Followed the link from to get here. Just so you know, this article does not reflect the feelings of most emergency physicians. I bet that if you asked just about any healthcare provider to define what "excessive force" even means, they couldn't do it. If you are protecting your life or the lives of others, you do what you need to do. We put drunk patients into 4 point leather restraints in the emergency department - would those same physicians answering the survey consider that treatment as "excessive" as well? I'm sure the study was worded in such a way that the researchers were able to get the answers they wanted. Emergency workers have no idea what you guys go through in the field, so don't worry too much about a study designed to ruffle feathers - it doesn't represent the views of most docs. Peace.

zenman @ 1/14/2009 9:20 PM

I'm an RN who lives in, and travels, to many countries. I never plan on being the victim of "excessive force" since I behave myself. If I didn't I would expect to suffer whatever consequences as a result of my behavior. I often see police in foreign countries "whack" someone and it seems to work in their culture. BTW, I think all police officers should dress like the guys in the Singapore Airport. I don't know if they are police or ARMY but they look mean with their sidearm, machine pistol, and khurki knife strapped on their hip.

DocV @ 1/16/2009 10:16 AM

I, too, followed the link from Please know that not all of us feel this way. My father was a LEO and I have a tremendous amount of respect for the "thin Blue Line" and all that you do. This so called investigation was poorly designed and flawed from the start. Please go out and read the discussion of this on some of the Emergency Medicine blogs. You'll find many more docs that are on your side. Thank you for your service.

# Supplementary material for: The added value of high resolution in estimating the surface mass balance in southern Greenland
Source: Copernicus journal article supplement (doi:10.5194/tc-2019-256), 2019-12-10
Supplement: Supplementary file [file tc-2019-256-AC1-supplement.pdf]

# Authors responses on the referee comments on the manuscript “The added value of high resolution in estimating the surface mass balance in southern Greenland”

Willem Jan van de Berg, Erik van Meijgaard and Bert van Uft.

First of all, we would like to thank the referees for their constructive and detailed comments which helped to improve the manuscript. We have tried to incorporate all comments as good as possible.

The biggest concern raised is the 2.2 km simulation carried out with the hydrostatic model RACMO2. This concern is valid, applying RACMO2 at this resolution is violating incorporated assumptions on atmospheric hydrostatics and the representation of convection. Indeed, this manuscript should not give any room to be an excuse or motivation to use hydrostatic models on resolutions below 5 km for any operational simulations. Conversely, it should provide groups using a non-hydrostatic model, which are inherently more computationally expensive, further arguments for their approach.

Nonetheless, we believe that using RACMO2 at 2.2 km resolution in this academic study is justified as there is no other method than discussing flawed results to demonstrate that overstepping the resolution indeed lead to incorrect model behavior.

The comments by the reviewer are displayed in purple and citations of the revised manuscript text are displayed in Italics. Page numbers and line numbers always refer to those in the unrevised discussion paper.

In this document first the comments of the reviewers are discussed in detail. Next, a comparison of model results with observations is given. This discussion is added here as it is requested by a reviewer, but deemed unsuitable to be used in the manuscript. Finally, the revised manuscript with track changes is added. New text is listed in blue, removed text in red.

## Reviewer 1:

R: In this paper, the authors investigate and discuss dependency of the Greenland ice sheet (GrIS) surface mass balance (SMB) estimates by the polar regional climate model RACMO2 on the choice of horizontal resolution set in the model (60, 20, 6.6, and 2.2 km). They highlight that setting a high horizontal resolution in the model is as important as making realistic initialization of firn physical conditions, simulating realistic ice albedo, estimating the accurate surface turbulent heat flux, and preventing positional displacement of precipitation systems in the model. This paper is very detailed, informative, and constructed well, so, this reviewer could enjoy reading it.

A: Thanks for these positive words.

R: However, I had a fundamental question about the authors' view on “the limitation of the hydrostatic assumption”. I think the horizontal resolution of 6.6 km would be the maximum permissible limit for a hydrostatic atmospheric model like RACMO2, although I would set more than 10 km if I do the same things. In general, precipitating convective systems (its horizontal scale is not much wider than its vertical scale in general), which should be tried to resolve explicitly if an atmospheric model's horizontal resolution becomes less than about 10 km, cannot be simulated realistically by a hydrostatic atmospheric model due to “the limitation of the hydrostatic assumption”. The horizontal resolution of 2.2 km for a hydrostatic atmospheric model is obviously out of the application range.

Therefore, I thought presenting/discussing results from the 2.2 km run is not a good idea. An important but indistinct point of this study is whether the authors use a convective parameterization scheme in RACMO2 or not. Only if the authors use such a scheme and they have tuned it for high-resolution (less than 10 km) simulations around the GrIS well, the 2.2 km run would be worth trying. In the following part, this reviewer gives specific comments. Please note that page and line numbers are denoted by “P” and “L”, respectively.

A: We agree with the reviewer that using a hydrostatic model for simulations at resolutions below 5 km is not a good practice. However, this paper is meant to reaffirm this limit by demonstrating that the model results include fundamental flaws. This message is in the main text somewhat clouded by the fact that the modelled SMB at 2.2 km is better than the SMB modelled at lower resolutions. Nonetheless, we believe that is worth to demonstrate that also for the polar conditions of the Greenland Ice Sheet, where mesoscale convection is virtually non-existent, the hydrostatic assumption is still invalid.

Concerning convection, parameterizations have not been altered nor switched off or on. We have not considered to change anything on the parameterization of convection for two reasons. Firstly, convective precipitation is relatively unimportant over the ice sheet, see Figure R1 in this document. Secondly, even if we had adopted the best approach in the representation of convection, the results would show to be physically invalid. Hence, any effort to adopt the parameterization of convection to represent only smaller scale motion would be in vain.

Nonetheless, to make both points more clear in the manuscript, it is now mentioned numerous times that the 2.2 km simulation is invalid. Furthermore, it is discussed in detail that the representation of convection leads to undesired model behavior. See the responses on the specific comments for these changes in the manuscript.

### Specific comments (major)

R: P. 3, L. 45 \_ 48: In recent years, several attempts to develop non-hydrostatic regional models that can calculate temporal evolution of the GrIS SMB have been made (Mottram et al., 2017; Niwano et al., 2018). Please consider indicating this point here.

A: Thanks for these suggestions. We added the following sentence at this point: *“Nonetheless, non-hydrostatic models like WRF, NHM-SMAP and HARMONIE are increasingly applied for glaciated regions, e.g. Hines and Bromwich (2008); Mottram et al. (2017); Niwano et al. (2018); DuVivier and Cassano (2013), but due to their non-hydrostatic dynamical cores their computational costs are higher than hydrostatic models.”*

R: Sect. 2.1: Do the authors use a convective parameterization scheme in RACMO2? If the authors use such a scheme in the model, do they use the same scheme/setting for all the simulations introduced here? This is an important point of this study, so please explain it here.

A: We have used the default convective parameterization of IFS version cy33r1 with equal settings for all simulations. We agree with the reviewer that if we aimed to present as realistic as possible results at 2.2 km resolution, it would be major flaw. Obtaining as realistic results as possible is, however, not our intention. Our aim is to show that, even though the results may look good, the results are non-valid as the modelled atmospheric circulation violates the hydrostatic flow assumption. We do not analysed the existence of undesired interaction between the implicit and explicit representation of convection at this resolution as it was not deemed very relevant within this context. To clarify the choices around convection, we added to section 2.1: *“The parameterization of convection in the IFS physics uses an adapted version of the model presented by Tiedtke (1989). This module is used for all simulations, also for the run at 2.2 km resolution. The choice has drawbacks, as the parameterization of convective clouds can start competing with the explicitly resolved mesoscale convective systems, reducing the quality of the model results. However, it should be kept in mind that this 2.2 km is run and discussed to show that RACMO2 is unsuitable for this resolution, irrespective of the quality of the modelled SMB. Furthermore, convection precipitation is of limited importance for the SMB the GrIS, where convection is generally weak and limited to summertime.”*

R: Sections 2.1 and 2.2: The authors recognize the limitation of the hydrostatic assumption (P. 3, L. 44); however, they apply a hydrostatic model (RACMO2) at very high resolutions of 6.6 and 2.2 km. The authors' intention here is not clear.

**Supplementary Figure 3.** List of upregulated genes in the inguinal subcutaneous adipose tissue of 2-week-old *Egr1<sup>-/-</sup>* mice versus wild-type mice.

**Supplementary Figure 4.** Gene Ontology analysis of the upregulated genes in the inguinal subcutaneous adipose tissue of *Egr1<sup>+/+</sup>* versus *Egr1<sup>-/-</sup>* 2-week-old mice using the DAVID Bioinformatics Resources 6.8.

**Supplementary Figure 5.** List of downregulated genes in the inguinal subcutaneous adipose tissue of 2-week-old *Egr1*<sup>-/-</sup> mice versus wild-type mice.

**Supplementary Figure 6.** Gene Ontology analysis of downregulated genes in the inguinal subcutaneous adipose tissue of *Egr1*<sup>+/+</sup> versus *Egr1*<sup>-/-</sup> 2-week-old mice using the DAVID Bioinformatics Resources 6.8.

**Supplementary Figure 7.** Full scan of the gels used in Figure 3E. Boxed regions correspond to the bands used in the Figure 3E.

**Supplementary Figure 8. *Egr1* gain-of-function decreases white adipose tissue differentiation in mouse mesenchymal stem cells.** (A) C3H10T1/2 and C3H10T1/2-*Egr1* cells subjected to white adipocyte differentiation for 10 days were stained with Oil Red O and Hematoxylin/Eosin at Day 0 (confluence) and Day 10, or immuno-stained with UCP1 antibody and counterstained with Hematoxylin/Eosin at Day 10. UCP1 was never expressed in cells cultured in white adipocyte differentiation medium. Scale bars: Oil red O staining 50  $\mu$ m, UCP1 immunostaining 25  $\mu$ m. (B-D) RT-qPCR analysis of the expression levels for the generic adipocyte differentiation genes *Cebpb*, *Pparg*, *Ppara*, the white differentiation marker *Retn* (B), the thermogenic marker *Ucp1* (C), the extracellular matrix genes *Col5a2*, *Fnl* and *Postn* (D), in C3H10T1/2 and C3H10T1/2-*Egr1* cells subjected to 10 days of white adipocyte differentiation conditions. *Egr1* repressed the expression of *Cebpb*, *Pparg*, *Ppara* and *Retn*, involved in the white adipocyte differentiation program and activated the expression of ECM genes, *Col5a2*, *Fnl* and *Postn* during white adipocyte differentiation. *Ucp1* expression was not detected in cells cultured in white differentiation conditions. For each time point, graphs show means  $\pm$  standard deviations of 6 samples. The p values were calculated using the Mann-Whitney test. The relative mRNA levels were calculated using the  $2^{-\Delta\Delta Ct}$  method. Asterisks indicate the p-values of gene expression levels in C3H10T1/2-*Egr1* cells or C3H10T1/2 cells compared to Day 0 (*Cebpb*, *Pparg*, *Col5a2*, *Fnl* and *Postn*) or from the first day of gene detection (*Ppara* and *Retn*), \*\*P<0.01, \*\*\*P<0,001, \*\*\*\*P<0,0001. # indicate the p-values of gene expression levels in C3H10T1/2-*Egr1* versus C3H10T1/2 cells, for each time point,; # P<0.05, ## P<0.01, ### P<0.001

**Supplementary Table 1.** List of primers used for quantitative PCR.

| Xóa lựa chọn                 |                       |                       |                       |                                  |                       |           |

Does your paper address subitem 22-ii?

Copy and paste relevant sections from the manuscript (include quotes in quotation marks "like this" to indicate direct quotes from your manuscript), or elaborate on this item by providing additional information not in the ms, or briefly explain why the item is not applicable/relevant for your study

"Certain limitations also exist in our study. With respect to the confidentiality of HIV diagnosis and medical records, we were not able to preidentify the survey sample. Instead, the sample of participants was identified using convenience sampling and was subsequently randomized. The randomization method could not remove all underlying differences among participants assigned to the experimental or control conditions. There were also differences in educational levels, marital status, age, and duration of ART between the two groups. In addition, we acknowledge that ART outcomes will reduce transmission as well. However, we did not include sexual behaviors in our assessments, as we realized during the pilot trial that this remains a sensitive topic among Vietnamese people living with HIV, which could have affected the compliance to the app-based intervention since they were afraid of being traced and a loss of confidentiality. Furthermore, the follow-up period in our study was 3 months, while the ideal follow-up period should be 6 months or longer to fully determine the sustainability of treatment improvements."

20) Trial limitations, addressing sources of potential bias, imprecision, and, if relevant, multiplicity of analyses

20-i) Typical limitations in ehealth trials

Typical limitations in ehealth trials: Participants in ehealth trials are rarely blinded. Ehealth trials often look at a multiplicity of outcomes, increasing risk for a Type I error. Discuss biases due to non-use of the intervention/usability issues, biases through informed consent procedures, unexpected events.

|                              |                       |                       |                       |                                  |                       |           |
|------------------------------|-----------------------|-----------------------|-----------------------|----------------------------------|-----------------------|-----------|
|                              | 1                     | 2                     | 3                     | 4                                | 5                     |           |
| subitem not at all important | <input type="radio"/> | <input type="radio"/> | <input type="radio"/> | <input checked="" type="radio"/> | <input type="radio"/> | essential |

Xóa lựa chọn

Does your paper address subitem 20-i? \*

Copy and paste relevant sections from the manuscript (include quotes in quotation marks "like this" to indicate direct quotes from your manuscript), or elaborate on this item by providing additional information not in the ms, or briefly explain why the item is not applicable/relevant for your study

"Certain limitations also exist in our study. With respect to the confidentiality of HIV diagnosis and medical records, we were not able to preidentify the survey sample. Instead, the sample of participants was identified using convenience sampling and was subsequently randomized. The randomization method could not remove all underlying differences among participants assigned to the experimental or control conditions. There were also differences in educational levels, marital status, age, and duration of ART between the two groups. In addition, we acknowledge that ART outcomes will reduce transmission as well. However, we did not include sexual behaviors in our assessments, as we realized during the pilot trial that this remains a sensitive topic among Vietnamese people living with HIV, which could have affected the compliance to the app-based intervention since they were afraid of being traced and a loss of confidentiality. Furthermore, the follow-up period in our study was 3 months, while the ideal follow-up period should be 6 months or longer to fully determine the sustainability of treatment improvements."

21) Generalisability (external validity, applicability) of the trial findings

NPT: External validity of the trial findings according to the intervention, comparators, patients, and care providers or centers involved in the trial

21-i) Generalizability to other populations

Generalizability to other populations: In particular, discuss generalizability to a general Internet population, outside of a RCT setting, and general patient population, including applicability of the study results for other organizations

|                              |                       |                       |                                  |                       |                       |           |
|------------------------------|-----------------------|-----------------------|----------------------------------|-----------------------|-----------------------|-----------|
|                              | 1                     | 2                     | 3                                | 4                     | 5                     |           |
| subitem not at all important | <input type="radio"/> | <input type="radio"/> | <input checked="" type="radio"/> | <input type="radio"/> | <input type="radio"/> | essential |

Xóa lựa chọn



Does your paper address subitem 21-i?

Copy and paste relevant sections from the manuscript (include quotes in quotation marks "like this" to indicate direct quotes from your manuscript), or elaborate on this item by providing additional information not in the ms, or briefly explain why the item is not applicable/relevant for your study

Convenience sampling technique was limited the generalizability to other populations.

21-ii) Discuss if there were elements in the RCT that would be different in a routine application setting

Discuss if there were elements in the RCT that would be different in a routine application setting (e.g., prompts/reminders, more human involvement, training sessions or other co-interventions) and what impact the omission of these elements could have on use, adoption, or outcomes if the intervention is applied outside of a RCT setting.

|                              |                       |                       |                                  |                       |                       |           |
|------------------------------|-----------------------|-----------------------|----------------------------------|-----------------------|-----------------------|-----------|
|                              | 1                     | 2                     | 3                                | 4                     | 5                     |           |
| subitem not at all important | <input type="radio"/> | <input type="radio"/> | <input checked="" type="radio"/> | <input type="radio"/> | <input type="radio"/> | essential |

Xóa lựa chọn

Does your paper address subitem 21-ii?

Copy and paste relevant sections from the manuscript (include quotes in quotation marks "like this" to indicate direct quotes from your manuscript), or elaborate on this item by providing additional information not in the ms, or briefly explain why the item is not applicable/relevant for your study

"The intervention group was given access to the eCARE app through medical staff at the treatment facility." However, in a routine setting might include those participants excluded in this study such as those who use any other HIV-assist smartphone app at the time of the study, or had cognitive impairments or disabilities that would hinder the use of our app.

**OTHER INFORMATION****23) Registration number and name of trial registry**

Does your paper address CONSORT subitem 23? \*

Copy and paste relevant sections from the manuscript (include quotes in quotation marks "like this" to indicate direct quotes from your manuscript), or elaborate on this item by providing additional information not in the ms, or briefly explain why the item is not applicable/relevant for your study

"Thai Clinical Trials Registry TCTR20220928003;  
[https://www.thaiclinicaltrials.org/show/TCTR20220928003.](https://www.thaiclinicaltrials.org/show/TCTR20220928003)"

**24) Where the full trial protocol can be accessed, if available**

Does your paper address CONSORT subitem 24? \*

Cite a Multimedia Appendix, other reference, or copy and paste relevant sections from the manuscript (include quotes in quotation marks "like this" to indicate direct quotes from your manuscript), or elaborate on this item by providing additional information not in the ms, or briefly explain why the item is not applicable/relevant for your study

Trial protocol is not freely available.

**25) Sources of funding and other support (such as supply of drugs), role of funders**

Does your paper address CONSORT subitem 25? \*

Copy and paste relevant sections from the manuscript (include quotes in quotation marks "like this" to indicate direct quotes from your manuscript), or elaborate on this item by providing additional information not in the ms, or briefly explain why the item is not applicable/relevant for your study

punisher @ 1/25/2009 9:40 PM

Here is a often do ER doctors see patients brought in by Law Enforcement for something other than needed care? Never? My point is this, Most of the time, suspects are brought in to the ER because they need immediate care for release to the correctional facility or for DUI Blood Draws. Most of the time they are there because they fought with police and therefore, were acted upon with some use of force that landed them in the ER. Doctors don't see the ones that are cooperative with us. They don't see the "easy" ones. Next point; I too have had Doctors call me to the ER demanding I do something because they were "verbally assaulted" by someone. Hey, stick that needle in me when I am sick or injured already and I may have some words too. I have met a few Doctors who respect what we do and understand that we aren't just out there pounding heads and roughing people up (my wife being one). But I have spoken with and been involved with too many instances where their professional conduct and "god complex" came into question. I guess we don't get paid enough to have such a highly public and "respected" opinion for our articles to be read. That being said, it doesn't change how I will do my job.